When I first began recruiting for Mission Year, I had the opportunity to go to Chicago to visit college campuses with our Executive Director Shawn. As we travelled from school to school, I began navigating how I would like to share my Mission Year story in a way that highlighted the places that I have experienced transformation and growth. As I entered into the National Recruiter and Houston Program Assistant role, I was transitioning from two years of service and learning the new rhythms of life in my neighborhood and new community.
One particular conversation that stands out to me, is one I shared with Shawn where I was able to express the weight I felt form the injustice that was taking place in my community. I mentioned how hard it was for me to witness, as well as experience the pain that my neighbors face for myself. I shared that entering into relationship with my neighbors requires that I enter into and sit with the pain experienced in their lives. I may have even alluded to how much easier it would be to remain ignorant to the reality of systematic violence and injustice that is very present in the lives of my neighbors. In that moment, I remember Shawn asking me, “would it really be better to not see or know the pain?”
I can share countless reasons why I said yes to working with Mission Year; however, I think in this particular season of my life, I have come to deeply value that my commitment to Mission Year as a staff member continues to drive me to face brokenness. My relationships with our staff and friends in the city encourage me to ask hard questions, engage in meaningful dialogue, and navigate and create ways that we’d like to work against injustice. Shawn’s question has been one that I’ve continuously gone back to as I think, pray, and hurt over the injustices that hold back my neighbors, my community, and our nation from thriving to its fullest potential.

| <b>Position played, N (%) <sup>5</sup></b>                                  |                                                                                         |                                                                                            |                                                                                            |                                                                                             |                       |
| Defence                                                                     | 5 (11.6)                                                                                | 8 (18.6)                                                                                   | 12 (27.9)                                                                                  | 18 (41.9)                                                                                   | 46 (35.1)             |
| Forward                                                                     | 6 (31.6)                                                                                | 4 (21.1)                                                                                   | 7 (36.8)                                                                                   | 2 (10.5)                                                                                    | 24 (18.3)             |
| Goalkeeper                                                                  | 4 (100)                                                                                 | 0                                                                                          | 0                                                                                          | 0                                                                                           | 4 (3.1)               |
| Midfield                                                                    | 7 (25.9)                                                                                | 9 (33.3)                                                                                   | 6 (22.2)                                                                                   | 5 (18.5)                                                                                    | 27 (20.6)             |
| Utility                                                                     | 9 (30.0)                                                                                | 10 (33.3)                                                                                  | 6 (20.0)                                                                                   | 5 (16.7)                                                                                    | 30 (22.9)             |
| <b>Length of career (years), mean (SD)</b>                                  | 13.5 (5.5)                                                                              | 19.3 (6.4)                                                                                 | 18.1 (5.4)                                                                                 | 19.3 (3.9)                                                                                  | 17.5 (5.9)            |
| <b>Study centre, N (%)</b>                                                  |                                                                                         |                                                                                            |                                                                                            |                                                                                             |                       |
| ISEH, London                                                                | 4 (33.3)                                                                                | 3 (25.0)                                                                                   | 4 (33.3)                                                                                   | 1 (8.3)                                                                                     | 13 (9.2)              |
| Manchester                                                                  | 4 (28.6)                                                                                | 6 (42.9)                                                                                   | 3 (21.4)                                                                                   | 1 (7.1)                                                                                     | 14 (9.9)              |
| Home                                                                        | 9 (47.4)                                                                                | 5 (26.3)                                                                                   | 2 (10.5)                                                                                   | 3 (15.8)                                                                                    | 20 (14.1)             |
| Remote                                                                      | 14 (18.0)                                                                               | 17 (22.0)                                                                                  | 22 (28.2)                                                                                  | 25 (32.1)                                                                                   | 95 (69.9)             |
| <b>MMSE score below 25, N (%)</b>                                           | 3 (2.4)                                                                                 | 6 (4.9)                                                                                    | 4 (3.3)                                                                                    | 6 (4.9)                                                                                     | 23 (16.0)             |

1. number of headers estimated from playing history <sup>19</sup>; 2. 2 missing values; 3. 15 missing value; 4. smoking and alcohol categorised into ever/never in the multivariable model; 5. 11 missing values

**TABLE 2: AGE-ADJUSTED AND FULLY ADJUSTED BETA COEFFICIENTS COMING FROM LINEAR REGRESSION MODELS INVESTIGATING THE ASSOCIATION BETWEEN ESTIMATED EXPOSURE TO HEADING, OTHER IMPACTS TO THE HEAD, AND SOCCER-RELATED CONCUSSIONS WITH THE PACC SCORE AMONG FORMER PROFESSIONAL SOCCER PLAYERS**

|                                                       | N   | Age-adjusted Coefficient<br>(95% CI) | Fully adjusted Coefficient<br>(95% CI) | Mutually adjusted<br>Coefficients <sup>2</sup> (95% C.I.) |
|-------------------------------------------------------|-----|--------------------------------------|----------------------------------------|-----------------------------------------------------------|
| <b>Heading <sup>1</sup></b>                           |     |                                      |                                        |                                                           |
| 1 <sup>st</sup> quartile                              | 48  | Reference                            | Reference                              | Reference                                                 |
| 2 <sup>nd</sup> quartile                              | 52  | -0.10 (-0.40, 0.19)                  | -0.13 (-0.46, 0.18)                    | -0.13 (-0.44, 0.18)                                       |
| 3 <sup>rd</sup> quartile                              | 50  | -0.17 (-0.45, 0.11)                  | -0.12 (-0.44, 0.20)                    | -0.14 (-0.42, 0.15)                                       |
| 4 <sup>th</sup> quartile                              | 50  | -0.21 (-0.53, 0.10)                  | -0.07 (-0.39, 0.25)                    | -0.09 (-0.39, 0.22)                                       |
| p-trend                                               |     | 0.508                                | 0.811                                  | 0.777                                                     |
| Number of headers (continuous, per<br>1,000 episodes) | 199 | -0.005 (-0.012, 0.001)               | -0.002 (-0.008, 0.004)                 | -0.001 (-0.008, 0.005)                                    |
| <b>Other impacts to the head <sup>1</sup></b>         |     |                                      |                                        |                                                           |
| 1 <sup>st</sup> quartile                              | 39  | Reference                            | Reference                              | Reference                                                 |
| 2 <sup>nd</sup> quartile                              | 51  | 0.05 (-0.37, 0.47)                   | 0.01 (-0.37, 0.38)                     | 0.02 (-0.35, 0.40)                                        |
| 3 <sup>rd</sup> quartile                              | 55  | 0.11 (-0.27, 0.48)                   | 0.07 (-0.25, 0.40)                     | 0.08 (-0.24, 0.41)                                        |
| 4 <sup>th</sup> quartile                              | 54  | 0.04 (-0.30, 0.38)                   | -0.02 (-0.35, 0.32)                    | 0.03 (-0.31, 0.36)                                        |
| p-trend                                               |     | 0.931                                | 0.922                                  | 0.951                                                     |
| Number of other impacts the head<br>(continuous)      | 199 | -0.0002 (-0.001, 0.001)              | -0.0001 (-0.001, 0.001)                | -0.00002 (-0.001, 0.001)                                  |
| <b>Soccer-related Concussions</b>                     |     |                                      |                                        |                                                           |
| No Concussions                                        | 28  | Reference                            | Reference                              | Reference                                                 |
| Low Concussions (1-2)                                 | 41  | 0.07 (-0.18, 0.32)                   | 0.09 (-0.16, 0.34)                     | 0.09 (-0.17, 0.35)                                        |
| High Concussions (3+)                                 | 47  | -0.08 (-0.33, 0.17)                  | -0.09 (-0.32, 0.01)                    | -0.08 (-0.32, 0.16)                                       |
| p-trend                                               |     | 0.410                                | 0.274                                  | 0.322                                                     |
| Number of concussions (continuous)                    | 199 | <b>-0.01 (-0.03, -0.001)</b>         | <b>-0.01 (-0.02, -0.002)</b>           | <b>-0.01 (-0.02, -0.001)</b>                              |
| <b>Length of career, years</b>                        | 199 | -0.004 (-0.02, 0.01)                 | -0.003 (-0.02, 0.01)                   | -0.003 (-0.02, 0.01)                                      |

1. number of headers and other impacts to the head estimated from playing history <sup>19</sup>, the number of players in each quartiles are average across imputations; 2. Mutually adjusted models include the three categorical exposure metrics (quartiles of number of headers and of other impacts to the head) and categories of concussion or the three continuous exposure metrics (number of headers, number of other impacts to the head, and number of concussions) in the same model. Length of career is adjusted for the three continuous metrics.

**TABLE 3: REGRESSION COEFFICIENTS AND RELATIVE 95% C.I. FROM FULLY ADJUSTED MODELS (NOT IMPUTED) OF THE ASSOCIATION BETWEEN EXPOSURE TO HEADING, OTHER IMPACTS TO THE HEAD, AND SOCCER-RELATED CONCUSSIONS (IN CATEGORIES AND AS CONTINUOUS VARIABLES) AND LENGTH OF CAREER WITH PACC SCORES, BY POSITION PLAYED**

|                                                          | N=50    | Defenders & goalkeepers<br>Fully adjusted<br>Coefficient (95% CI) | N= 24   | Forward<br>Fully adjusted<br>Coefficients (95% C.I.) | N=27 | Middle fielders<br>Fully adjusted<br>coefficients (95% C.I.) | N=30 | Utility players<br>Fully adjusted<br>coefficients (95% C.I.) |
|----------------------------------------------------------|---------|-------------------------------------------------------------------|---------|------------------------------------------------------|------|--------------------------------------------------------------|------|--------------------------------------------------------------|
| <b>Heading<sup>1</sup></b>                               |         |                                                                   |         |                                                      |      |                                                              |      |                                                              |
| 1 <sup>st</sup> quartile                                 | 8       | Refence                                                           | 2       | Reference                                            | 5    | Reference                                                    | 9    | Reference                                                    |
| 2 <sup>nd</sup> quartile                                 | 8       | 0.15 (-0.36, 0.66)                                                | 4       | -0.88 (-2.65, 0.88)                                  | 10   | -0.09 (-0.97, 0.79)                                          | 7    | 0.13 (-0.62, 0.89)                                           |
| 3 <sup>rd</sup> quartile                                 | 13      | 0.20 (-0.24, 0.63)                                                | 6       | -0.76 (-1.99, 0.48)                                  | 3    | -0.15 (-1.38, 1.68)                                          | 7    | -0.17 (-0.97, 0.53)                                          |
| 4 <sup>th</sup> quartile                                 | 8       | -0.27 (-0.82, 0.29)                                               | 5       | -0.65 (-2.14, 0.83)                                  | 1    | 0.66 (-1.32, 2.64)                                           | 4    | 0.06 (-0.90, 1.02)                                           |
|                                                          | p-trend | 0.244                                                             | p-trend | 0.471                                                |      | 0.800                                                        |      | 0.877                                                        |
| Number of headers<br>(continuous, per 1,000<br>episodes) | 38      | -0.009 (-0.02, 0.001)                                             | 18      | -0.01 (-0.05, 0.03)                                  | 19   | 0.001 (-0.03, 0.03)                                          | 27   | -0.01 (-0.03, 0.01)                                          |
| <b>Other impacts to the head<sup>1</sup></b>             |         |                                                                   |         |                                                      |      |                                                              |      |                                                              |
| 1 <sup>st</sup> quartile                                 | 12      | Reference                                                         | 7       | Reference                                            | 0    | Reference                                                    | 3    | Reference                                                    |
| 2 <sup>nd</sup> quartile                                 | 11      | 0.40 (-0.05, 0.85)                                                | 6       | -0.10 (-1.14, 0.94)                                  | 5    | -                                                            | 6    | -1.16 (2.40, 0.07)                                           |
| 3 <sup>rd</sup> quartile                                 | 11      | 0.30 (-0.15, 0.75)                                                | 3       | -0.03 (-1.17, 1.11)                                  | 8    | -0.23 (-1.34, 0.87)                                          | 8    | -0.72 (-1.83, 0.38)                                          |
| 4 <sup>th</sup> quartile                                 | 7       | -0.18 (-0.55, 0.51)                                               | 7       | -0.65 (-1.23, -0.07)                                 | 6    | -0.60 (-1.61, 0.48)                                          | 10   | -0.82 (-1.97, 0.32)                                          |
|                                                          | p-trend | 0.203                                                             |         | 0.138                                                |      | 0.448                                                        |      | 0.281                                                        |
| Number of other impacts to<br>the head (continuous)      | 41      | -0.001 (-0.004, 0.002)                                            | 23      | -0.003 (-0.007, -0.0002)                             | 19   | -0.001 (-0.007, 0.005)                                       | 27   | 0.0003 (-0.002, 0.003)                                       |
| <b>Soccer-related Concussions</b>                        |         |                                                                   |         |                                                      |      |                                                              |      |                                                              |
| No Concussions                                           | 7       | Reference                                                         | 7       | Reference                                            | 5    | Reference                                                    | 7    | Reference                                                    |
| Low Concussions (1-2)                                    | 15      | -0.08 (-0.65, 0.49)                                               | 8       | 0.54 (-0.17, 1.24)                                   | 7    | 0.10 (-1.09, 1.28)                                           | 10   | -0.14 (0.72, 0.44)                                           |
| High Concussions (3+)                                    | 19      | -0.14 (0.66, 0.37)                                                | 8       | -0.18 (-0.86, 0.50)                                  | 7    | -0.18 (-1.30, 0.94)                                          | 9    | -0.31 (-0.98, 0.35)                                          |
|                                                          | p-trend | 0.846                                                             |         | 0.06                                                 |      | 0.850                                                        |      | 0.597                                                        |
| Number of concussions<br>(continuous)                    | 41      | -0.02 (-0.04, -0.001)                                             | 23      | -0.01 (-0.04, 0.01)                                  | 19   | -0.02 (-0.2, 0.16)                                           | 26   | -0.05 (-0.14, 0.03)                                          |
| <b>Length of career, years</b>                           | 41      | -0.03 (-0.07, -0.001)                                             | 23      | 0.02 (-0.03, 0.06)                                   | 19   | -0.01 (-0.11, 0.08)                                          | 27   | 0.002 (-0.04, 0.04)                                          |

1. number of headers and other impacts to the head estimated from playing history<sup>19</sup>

Before Mission Year, I felt paralyzed when I saw brokenness and injustice faced by others in my community. Now, as we engage with the story we’ve been invited into by being a part of the work in the city, we’ve been given tools to not only see but discover what to do with the pain. I’ve been encouraged and empowered by the conversations that I am continuing to have. I love that in this organization, we’re continue to check our blind spots in how we live our lives, enter into our neighborhoods as learners (not experts), and celebrate the transformation we experience as we engage with God and people.
The fact that I get to share Mission Year’s story wherever I go and invite others into this greater story of community, love, and justice is an honor. I’ve been able to experience how Mission Year not only affects those who commit a year to the program, but also transforms friends and family members who journey and invest in us as we navigate through a season of learning to see, be, and respond to the rhythms of what’s happening around us in the city.
When it comes down to it, I work for Mission Year because I recognize that in the work we do, there is an invitation to respond, stand with, and be a part of the life of our neighborhoods. We’re equipping young adults from all walks of life to pay attention – to individuals, to their passions, and to what God is doing. Now, that’s something I’m proud to be a part of.
Rediet Mulugeta is Mission Year’s National Recruiter and Houston Program Assistant. She’s also a former Alum Leader in Houston’s St. Johns neighborhood and originally from Federal Way, WA . She attended Seattle Pacific University and is constantly looking to learn more about what it means to be a person of greater compassion.